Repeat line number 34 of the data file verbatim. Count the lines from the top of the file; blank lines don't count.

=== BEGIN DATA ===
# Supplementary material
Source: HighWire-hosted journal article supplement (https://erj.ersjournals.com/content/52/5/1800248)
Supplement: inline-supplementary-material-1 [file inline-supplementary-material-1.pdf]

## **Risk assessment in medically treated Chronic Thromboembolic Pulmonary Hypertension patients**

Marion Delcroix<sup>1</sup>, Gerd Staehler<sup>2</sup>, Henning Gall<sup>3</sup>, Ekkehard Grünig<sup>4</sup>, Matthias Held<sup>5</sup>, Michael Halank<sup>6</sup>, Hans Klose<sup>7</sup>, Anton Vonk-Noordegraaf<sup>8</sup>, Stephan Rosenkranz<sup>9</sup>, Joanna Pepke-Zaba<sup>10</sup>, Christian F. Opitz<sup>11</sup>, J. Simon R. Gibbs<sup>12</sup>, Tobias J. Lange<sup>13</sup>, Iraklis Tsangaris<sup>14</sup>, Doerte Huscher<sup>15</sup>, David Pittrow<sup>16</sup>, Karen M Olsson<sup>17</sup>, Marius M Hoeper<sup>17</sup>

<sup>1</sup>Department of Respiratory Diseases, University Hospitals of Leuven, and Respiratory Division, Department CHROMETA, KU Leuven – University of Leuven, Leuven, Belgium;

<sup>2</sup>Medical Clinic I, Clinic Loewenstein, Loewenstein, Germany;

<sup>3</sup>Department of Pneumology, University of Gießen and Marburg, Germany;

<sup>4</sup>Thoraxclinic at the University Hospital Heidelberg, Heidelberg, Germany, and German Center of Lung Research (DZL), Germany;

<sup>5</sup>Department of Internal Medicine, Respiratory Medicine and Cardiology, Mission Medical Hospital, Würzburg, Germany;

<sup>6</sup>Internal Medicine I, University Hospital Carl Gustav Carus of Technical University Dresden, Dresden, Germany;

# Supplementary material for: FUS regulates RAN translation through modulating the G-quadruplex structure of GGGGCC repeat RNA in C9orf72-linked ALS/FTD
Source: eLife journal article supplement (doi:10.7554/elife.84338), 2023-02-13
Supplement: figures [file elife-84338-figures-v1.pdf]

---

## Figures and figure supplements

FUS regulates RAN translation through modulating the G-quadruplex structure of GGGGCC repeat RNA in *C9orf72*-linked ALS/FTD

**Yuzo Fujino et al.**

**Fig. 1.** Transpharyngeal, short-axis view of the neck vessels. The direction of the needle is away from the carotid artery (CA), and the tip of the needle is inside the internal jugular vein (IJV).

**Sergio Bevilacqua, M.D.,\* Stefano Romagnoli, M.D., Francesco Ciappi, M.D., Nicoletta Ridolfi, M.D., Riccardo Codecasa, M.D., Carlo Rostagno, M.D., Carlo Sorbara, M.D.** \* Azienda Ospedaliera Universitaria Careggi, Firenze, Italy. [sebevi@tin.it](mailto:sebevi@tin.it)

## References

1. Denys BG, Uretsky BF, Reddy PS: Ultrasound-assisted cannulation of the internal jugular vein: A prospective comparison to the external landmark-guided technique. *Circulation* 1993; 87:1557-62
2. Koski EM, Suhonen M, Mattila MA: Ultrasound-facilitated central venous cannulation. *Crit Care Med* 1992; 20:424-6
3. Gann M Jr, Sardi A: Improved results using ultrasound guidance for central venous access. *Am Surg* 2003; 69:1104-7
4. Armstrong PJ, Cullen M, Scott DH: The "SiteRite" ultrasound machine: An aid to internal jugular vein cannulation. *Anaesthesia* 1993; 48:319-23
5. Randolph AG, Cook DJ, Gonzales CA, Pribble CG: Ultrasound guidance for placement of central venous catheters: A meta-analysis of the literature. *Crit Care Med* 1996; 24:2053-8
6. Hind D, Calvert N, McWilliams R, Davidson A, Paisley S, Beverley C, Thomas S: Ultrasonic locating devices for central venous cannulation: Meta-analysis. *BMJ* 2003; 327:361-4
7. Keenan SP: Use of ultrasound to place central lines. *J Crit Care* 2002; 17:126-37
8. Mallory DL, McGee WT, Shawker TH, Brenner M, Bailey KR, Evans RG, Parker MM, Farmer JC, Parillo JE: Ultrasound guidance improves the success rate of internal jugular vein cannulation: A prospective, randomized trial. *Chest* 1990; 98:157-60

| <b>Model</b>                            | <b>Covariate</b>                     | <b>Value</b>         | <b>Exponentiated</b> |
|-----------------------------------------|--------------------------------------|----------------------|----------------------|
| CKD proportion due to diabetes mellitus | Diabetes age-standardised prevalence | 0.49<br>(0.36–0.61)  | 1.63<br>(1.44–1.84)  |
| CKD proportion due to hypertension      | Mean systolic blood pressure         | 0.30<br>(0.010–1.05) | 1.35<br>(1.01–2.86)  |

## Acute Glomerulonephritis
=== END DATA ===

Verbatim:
## Acute Glomerulonephritis